Some low clouds hung over the river and as we ate breakfast we debated whether or not to take our umbrellas on our excursion. We decided against it since the boats we’d seen on the river that were used for the piranha fishing were all covered. A little rain could feel good anyway.
Down on the pier, the tour boats for piranha fishing were lining up. This was the big thing to do when visiting Santarem. There were at least six boats tied up there for us and more jockeying for position. We were a little early and got on the first boat and were off quickly and on our way to Maica Lake.
After passing by the convergence of the two rivers, our guide began to explain the reason for Maica Lake. During the dry season, the area is a pasture land and there are “farmhouses” on stilts with corrals on stilts and the animals graze on the rich green grass. When the rainy season arrives and the river begins to rise, the animals are put in the corrals. If, and usually when, the water gets up to the floors of the corrals and homes, the residents pack up and move, animals and all to the city and rent space there until they can return.
Many places we passed were still inhabited although I don’t know how they could be. One which was up higher apparently than the rest even had a container garden on their front porch.
We’ve all seen those semi-trucks on the highway at home with loads of pigs or cows peeking out of slatted containers. Well, we passed a couple of large boats that were for hauling livestock. The easiest way to transport large amounts of supplies and produce is by river. According to our guide, the roads were not that good.
Transporting people from place to place many times happens at night since the trip can be very long. The boats are all made to hang hammocks and people spend the night sleeping in the hammocks while the boat takes them to where they want to go.
I felt like we were on another safari of sorts as we entered Maica Lake. Our lovely tour guide who in her spare time teaches English and is an obstetric nurse who makes health journeys up and down the river and is raising five children and being a guide for her husband’s tour business, began pointing out birds and explaining the foliage as well as a little about the piranhas.
Before she could get too far into the piranha story though we were pulling over to a tree to look at some sloths that were hanging and crawling (although slothfully) along some tree branches. We slowed to look through some flowering bushes where she said iguanas hung out but couldn’t see any there until our return trip.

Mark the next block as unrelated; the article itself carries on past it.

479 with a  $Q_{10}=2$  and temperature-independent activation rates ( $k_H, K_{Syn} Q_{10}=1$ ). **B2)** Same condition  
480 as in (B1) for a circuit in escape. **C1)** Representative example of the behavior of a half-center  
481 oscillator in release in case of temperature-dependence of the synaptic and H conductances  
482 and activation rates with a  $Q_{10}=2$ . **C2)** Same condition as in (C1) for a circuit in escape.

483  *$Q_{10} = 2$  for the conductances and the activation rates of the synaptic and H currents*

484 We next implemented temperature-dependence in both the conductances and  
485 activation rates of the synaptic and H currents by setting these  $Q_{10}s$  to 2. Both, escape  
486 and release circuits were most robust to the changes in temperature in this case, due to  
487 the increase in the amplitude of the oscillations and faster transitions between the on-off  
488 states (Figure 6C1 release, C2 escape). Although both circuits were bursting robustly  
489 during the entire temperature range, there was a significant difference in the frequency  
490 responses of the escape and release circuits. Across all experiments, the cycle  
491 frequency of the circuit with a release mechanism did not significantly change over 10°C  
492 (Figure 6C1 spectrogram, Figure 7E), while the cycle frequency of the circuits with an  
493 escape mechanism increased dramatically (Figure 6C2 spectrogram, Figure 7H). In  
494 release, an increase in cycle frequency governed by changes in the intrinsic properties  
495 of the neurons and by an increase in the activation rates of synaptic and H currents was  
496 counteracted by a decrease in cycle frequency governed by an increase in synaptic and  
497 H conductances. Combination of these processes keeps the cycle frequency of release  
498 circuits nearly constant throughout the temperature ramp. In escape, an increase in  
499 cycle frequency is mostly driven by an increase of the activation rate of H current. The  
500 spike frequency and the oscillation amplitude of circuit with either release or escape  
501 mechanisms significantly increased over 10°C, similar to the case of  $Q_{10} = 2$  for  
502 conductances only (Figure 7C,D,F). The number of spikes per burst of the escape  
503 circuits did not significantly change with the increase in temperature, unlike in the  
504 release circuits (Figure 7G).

The piranhas were not man-eating, she said, no matter what we’d heard. The only time they are really aggressive is during the dry season when food is scarce because they are trapped in smaller pools of water. There was a story told on ship that when Theodore Roosevelt visited the locals had trapped some piranhas in an area of the river and let them get hungry. Then when the president arrived, they tossed in a cow and the rest is history, so to speak.
As our guide pointed out, there were children swimming in the river near the city and the piranha did not bother them. She did insist though that we not try to take the piranha off the hook if we caught one. That was her job and she wanted to be sure we went home with all our fingers.
The boat pulled off to one side of the lake in an out of the way place and we were handed our fishing paddles fully baited with a piece of red meat. We lowered the treats into the water and began our patient or not so patient wait.
I could feel the first nibble and jerked but didn’t hook anything. Another nibble. Another jerk. Nothing. I pulled up my line and sure enough the meat was gone. I tried with a fresh piece. Again nibbles and jerks and bait was gone. About the fourth time it happened, I joked that I was feeding them not fishing for them.
Meanwhile though someone caught a catfish, then our first piranha came up. In all the 25 or so guests aboard the boat caught only 3 piranha and 2 catfish and a big leaf. I didn’t even catch a leaf but it was a great time trying. As Bob says, “That’s why they call it fishing, not catching.”
On our way back to the ship, we found an iguana in the bushes eating pretty purple flowers and then as we neared the city, we pulled closer to the fish market on the shore. People were gathered there watching the water for pick dolphins. This is the only area of the world where this dolphin lives. We’d seen the backs of a couple of dolphin as we’d left the ship in the early morning but weren’t close enough for pictures.
On the market pier, someone had a couple of lines with fish tied to the end that they were slapping again the water then pulling in quickly and sure enough, there was a pink dolphin! Yes, truly pink! Pepto Bismol pink!
We slowly and idled nearby and watched the men tease the dolphins with the fish. Several times we could see a head pop up and noticed that these dolphins have a pointier nose than the gray dolphins we’re so used to seeing. They use that nose to dig through the silt to find crabs and shrimp to eat. Like flamingoes, that diet helps maintain that pretty pink color.
There is a legend that says the pink dolphin is magic and that the male can become a human form and entice young ladies into romance and then disappear again into the water. Of course the young lady is then pregnant and blames the dolphin. It being bad luck to harm a pink dolphin, the father of the young lady has no recourse for revenge.
All too soon our morning excursion was over. It was one of the highlights of our trip. How many people get to say they were piranha fishing in the Amazon?